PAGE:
It didn’t take long in 2000 for this column to become the beacon of all that’s bright and beautiful about politics in the Mahoning Valley. Who would have thought that the headline in January a decade ago, “Time behind bars is a breeze,” would become the foreword to a woeful chapter in our region’s history?
Here’s what was written: “Who says crime doesn’t pay? Certainly not the newest additions to the Rogues’ Gallery in the Mahoning Valley. Their time behind bars will be a breeze, literally. And when they emerge from their respites, they’ll still have the fruits of their criminal labors to make it all worthwhile.
“So all together now, ‘We are family/Lenny and Philly and me ...”
“Lenny,” of course, was Lenine “Lenny” Strollo, this region’s claim to Mafia fame, the godfather of the local mobsters, the man who made the phrase “Murder is only business” a part of our cultural lexicon. Strollo turned out to be a coward when confronted by the feds about his illegal activities, including the bribing of elected officials. He became a major snitch for the government, and in return got a feathered tap on the wrist. His 12 years behind bars were easy time for a man who ordered the murder of his mob rivals. Strollo is now out and enjoying the blood money the feds allowed him to keep.
“Philly” referred to the corrupt former prosecutor of Mahoning County, James A. Philomena, who used his office as some Third World bazaar, where deals were made and cases disappeared for so many pieces of gold.
Here’s what was written about him: “There’s James ‘Pretty Boy’ Philomena serving his four-year sentence at a former Air Force base in Montgomery, Ala. The Federal Prison Camp is a minimum-security facility with no cells, no barbed-wire fencing and no blood-thirsty guard dogs.”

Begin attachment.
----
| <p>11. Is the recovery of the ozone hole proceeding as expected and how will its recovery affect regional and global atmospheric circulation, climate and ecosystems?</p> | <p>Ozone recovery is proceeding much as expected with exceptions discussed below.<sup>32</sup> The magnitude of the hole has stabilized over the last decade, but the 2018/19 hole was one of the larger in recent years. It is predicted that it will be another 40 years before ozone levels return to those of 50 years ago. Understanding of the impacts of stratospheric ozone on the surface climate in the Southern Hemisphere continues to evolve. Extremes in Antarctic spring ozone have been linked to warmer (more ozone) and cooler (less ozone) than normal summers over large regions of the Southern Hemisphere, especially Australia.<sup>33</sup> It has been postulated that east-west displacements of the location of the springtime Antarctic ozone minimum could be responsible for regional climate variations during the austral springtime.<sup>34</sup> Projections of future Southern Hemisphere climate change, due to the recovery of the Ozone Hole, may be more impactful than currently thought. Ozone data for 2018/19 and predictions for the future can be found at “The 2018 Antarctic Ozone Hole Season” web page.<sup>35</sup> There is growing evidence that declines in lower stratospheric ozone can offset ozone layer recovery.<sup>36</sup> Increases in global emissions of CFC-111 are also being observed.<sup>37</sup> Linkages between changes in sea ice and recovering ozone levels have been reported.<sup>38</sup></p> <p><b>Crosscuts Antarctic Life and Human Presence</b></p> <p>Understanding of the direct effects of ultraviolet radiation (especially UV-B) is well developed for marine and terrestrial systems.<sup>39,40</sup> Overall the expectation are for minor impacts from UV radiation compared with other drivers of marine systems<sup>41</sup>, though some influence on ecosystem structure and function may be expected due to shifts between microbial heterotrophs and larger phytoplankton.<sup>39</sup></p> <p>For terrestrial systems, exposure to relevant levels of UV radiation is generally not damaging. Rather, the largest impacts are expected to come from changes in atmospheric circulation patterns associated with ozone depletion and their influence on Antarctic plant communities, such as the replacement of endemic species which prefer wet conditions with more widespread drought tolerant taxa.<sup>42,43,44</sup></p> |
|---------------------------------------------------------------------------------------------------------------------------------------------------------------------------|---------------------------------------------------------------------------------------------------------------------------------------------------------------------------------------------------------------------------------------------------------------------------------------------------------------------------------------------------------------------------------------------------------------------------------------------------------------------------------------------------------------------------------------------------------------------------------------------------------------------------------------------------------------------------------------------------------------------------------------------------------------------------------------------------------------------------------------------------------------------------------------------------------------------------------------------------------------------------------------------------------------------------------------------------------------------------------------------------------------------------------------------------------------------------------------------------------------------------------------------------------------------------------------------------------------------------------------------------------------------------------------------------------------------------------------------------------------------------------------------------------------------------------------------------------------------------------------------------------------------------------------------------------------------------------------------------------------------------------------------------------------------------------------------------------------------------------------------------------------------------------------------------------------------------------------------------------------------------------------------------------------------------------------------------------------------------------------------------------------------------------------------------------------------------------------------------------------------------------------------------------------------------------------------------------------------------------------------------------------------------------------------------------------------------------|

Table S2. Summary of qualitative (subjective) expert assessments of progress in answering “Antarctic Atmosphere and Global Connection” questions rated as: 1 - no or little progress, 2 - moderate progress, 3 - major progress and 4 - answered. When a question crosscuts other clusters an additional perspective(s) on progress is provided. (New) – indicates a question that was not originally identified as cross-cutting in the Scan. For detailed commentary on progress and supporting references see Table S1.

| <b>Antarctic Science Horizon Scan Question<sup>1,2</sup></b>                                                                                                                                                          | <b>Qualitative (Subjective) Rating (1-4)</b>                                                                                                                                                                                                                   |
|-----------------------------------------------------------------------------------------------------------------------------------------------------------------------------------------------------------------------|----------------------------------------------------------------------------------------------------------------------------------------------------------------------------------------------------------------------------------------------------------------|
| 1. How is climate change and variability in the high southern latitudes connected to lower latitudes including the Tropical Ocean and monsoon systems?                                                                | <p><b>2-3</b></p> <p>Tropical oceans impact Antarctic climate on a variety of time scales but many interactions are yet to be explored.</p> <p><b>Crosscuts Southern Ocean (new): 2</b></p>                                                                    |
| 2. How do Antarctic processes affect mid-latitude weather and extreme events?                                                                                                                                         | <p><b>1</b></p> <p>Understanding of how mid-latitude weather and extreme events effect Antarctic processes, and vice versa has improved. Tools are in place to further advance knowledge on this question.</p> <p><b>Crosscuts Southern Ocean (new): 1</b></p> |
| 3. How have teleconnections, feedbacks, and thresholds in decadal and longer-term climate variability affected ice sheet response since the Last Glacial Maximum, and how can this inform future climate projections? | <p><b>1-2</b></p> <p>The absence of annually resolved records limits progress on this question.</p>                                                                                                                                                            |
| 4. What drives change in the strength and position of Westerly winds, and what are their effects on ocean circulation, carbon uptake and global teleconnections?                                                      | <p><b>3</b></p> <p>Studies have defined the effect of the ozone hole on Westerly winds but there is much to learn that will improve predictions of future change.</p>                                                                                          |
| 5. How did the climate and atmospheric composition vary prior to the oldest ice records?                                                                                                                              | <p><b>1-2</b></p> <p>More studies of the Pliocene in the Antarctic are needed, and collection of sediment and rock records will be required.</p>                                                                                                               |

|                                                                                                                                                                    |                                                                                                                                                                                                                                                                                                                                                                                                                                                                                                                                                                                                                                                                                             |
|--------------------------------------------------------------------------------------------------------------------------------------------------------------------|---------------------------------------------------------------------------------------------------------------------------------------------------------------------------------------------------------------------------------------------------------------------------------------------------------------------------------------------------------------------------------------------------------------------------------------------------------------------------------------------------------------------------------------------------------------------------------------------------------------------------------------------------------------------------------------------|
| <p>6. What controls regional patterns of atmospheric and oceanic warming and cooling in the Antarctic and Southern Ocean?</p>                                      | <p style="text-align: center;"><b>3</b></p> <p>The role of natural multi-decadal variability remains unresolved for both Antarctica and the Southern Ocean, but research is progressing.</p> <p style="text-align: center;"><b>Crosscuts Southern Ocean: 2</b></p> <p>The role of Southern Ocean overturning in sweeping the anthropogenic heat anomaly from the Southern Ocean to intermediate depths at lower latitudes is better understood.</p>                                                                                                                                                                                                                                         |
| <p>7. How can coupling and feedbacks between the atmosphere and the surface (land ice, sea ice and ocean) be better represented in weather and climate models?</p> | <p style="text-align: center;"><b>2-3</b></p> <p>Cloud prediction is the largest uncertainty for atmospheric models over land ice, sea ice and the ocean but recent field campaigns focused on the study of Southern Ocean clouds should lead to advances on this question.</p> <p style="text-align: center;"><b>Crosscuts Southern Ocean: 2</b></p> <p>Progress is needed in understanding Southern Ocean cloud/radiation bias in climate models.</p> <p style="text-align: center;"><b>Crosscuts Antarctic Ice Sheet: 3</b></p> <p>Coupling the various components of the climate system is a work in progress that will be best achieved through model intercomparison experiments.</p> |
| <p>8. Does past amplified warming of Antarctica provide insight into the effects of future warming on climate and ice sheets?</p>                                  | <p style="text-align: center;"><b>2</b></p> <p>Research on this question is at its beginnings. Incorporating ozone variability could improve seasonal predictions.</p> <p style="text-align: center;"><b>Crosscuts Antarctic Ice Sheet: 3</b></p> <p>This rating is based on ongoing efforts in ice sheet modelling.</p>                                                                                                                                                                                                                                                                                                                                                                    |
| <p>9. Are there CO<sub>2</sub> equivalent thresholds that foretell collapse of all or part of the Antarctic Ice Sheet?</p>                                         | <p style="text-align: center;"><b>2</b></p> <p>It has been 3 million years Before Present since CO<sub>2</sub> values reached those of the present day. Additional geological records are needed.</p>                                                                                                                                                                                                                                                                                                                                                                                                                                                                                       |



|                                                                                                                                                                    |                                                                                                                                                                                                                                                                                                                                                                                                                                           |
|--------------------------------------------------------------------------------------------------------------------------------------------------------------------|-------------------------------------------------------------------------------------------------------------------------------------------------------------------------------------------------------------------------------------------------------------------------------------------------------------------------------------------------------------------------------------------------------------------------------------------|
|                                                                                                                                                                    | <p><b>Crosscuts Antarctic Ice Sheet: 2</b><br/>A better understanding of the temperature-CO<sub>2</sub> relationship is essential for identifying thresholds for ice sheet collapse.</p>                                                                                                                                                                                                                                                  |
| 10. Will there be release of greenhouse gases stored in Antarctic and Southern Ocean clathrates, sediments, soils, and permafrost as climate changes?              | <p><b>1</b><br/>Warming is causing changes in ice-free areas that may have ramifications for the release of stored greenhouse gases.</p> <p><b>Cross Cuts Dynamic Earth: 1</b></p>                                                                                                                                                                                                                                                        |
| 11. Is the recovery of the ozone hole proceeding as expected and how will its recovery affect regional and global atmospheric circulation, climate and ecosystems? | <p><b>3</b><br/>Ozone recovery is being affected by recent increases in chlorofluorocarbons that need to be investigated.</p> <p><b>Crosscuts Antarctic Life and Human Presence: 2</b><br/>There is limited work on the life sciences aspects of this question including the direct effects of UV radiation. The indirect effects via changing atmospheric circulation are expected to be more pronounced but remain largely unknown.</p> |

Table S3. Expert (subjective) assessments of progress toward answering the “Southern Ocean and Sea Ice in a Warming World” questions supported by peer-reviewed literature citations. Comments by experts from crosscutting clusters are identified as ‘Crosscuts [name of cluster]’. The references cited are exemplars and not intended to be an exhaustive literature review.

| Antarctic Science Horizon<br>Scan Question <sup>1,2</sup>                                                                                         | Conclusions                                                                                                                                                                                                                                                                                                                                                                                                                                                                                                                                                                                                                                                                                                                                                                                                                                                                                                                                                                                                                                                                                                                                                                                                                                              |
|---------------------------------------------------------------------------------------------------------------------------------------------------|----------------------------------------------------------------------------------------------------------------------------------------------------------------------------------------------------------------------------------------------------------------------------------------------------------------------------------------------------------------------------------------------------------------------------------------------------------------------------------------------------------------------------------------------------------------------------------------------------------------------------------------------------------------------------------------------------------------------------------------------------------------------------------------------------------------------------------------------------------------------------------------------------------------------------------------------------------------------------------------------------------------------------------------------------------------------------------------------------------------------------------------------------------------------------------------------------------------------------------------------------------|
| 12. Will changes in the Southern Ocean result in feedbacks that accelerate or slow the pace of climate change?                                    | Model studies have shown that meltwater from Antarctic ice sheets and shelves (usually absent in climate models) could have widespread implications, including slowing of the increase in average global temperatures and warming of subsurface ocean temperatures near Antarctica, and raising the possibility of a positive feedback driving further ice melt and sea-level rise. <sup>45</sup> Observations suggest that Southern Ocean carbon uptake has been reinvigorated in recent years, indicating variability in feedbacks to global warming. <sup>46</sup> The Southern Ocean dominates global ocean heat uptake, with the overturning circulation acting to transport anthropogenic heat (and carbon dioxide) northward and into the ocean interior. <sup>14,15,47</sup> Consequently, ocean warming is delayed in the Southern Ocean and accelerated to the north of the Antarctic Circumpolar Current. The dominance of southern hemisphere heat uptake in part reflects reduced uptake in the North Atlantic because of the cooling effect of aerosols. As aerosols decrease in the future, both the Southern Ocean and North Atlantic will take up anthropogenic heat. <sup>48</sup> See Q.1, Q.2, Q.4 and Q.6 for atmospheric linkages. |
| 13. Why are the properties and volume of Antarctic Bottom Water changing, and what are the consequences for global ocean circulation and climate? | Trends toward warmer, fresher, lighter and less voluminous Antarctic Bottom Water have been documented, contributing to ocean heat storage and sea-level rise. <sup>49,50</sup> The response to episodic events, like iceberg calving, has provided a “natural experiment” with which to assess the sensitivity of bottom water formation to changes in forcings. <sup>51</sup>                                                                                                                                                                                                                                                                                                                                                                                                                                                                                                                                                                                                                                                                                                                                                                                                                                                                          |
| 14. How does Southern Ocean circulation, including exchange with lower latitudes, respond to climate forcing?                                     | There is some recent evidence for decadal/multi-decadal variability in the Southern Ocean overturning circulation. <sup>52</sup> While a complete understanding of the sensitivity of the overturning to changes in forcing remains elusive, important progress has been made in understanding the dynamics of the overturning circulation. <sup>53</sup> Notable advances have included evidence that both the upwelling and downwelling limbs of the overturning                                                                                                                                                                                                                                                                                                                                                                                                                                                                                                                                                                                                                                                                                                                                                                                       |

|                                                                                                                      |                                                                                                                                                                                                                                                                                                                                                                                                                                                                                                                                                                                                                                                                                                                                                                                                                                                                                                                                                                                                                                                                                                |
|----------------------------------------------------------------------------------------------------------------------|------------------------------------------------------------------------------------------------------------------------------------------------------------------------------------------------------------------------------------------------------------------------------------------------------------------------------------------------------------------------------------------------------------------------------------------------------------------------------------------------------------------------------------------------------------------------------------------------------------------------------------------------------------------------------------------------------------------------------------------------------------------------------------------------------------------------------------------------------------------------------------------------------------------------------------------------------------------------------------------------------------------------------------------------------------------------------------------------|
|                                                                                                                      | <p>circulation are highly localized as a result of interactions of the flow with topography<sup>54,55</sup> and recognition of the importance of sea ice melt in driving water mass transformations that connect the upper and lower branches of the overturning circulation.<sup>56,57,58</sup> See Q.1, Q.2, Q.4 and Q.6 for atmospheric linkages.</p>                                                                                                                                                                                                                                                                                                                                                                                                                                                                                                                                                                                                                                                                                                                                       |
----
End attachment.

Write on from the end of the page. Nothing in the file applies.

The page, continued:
Philomena returned home from his prison stint and died in September 2007.
From that column in January 2000 to the one last week headlined, “Traficant plays us, the press, for fools,” there were hundreds relating to corruption in the Mahoning Valley, with the King of the Corruptibles, James A. Traficant Jr., the subject of regular commentary — most of it negative.
Why? Because he just couldn’t keep his nose clean.
“Traficant should stop ducking;” “Traficant should identify FBI agent,” “Traficant must provide rape proof.” And on and on.
There was even a column in 2004 that was a poetic cry: “Will we never be rid of Traficant?” read the headline.
The answer, after a decade that included this blight on our community going to federal prison for more than seven years, is a resounding “No.” That’s because too many Mahoning Valley residents have drunk his Kool-Aid.
The past 10 years also brought uplifting columns about the region’s blowhards, led by Marc Dann, who pompously attacked Republicans for sullying politics when he ran for attorney general, and then became the Sullier-In-Chief after taking office.
Along with another blowhard, Leo Jennings, the attorney general gave new meaning to the phrase “Cock-and-bull story.”
There were even a couple of columns that were guided by the hand of God, such as this one headlined, “Blessed are the criminals? Read on”
Here’s what was written, in part:
“It is not surprising that politicians, by and large, rise to the defense of one of their own — especially when one has had a brush with the law. But for the grace of God go I — or something to that effect.
“However, when the intervention seems divinely inspired, all sorts of questions come to mind, foremost of which is this: What price redemption?
“The history of corruption in the Mahoning Valley is replete with apologists for those who have done wrong. But there is something untoward when individuals whose job it is to guide us on the straight and narrow seek to influence how the wayward are punished.
“Over the years, this space has featured letters from men and women of the cloth to judges preparing to sentence corrupt public officials. And yet, such letters still surprise.”
In a decade of political sludge and scum in the Mahoning Valley, the most depressing aspect for a long-time observer is that our crooks from the public and private sectors didn’t have sense enough not to get caught.